movie review by Mark Leeper
Japanese Salaryman leads a double life,
first learning ballroom dancing then in competition
dancing. The story is simple with few unexpected plot twists
and while it has some bittersweet moments there is
insufficient material here to sustain a feature film. For a Japanese
audience there may be more here than meets an American eye.
Rating:5 (0 to 10)
New York Critics: 17 positive, 2 negative, 1 mixed
In the strict rules of Japanese society, public signs of affection are considered to be in bad taste. Things that Americans would find innocuous, like a husband putting his arm around his wife, are considered to be breaches of decency. And while there are Japanese who get involved with ballroom dancing, we learn in this film that it is considered as tawdry in Japan, as going to strip clubs would be in the United States. Paradoxically, the society that shuns the touching of a partner on the ballroom floor is the same society that jams so many people into a subway car that literally nobody else can be shoved through the doorway. But that touching is considered non-voluntary. Ballroom dancing has connotations of rebellion in Japan that we just do not see in our country.
Shohei Sugiyama (played by Koji Yakusho) is a successful 40- something business executive with a staff of people working for him. He has a wife and daughter and has recently bought a house in suburbia. In Japanese society, this is not just success, it is affluence. Yet Shohei is dissatisfied with his pat little accounting job and his simple, programmed life-style. One night, returning home, he gazes up from his subway car and sees a beautiful woman, Mai Kishikawa (Tamiyo Kusakari) gazing out the window of a ballroom dance studio. After seeing her there multiple times he decides to go up and look in on the dance studio. He enrolls as a student in secret. As anxious as he is to meet and even dance with Mai, he is unwilling to pay 6000 yen per lesson from her. So, unable to afford private lessons from Mai he enrolls in a public class with two other men to be taught by an older woman. There at least he can see Mai and perhaps occasionally dance with her. Shohei becomes friends with the two other men in his class as well as with a Japanese dancer with his own fiery Latin style. Shohei's wife Masako (Hideko Hara) recognizes that her husband is doing something without telling her and it is taking a lot of his time. She suspects the worst and determines to find out what mischief her husband is up to.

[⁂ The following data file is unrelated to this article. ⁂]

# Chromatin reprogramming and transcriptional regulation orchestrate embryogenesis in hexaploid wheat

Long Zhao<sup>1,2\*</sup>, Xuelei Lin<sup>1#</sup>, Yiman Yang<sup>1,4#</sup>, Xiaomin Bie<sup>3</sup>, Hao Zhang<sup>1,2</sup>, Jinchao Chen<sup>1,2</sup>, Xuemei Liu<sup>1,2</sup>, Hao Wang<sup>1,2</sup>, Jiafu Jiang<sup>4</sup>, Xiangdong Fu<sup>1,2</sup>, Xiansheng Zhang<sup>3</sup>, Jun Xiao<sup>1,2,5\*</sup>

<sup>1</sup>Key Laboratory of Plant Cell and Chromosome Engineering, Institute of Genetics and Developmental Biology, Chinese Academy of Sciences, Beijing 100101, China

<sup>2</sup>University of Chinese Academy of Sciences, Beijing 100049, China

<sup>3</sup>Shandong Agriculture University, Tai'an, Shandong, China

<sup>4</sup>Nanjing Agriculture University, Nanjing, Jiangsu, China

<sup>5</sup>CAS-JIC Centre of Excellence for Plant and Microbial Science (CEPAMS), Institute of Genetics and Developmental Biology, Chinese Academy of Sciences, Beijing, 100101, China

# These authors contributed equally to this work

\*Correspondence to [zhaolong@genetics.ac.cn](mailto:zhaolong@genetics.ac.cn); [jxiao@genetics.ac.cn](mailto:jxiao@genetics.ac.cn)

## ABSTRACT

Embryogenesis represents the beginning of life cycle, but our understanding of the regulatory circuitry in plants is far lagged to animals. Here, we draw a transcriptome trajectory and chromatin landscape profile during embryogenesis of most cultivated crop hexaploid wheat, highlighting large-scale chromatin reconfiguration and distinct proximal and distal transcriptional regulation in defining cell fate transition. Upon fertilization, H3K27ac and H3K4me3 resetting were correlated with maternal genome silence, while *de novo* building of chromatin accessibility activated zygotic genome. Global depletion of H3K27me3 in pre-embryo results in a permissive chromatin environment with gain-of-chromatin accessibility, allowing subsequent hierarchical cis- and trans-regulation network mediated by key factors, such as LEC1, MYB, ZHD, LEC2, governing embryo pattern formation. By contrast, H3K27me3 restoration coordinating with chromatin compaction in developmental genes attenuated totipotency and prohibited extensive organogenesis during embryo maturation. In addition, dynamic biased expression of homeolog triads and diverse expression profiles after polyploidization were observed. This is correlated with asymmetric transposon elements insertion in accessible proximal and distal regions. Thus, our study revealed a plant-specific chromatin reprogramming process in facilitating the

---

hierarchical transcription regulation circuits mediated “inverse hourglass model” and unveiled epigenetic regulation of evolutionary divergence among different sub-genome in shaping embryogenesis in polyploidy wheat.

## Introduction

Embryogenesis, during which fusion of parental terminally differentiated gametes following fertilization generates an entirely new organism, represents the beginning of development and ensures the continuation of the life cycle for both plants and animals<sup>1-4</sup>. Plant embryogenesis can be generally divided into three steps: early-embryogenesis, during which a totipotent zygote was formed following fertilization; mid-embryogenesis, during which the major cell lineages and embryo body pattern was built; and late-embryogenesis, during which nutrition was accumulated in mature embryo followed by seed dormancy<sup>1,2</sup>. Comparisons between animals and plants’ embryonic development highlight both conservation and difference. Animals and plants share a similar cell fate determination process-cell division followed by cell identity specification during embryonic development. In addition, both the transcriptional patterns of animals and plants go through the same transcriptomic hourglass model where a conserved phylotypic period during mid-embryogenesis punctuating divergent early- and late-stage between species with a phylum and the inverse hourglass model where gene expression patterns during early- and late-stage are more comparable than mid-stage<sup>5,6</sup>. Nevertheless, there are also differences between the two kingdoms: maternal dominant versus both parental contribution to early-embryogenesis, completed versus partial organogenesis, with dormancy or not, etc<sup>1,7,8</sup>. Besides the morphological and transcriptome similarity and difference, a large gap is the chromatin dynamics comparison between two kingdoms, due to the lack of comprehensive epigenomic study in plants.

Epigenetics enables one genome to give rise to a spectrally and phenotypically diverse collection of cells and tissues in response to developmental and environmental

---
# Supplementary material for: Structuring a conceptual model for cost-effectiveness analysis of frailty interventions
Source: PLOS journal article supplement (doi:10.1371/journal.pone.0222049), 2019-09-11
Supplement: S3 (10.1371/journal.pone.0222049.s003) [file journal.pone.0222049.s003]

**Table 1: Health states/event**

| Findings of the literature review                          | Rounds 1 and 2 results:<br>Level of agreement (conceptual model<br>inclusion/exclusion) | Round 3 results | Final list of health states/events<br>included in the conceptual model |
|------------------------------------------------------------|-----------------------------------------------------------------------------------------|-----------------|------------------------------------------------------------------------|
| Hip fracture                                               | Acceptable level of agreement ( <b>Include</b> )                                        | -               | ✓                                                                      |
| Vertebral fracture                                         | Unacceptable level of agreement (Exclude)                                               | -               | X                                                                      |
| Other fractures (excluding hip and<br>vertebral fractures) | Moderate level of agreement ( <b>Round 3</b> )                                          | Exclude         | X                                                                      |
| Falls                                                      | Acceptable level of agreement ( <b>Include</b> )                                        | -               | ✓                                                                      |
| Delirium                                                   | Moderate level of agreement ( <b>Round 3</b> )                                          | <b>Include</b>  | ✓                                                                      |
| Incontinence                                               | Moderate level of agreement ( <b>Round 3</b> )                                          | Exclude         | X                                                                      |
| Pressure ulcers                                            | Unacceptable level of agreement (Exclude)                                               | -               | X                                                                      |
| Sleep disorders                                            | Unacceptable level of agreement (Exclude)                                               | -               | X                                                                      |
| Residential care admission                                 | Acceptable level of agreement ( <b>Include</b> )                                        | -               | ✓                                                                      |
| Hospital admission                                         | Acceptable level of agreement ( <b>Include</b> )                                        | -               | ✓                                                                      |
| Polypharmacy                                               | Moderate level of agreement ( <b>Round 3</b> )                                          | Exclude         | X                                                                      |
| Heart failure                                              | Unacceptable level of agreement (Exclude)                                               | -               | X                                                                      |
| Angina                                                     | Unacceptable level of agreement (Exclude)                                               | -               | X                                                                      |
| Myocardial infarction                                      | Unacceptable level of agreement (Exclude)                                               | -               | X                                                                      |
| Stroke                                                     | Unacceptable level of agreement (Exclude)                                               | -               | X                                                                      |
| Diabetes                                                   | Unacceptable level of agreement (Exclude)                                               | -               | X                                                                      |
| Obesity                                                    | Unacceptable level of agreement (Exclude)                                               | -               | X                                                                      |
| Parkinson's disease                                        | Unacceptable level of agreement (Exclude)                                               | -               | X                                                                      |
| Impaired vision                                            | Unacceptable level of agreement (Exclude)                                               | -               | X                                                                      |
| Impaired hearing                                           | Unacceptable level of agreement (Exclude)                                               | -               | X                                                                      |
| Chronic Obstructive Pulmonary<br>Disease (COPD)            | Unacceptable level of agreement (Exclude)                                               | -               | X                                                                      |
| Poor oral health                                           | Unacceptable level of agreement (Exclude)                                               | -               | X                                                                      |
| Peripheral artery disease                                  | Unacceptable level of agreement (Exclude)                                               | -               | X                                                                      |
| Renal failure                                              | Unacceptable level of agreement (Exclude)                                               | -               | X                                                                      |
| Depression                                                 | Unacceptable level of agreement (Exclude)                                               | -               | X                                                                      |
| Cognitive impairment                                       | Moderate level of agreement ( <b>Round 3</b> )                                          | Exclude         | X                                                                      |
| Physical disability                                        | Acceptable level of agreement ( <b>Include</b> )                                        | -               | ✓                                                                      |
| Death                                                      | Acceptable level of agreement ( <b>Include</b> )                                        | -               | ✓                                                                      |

Masayuki Suo wrote and directed the film that tells its story and gives us a few chuckles and a few bittersweet moments along the way. The real problem is that what happens is rarely unexpected and never surprising. Indeed the dramatic last sequence of the film is not just cliched, it seems almost inevitable. Mai's secret that she contemplates so wistfully at the window each night seems far too trivial to warrant so much attention, and as the core of the film seems too meager. This almost might have made a decent hour- long story, but there really is not enough here to make a satisfying feature film. Perhaps some of the reason is that there are very likely cultural differences that make this story resonate better in Japan than it does in the United States. Certainly there is humor in this film that requires some knowledge of Japanese culture to appreciate. In one scene one of the characters takes a strip of dried squid and dances it on the top of a restaurant table. Some of the humor was lost on most of our audience who probably did not recognize what it was that was dancing. Certainly the Japanese would see the touching while dancing as being daring. While Tokyo may have rock and roll dancers in the park--dressed like 1950s bikers from The Wild One- -even they do not touch each other when they dance. It is difficult to see this film as a Japanese would and that might make all the difference between the simple story we see and one that is considerably richer. Similarly it is difficult to judge the quality of the acting. While we might recognize the difference between really bad acting and decent acting, it is unlikely we would recognize really great acting if we saw it.
What does come across is an innocuous and enjoyable comedy with a touch of human drama and a bit of melodrama. The story of the dancer with the secret past will remind some of Strictly Ballroom, but this film is nowhere near as amusing as that film was. I rate this one a low 1 on the -4 to +4 scale.
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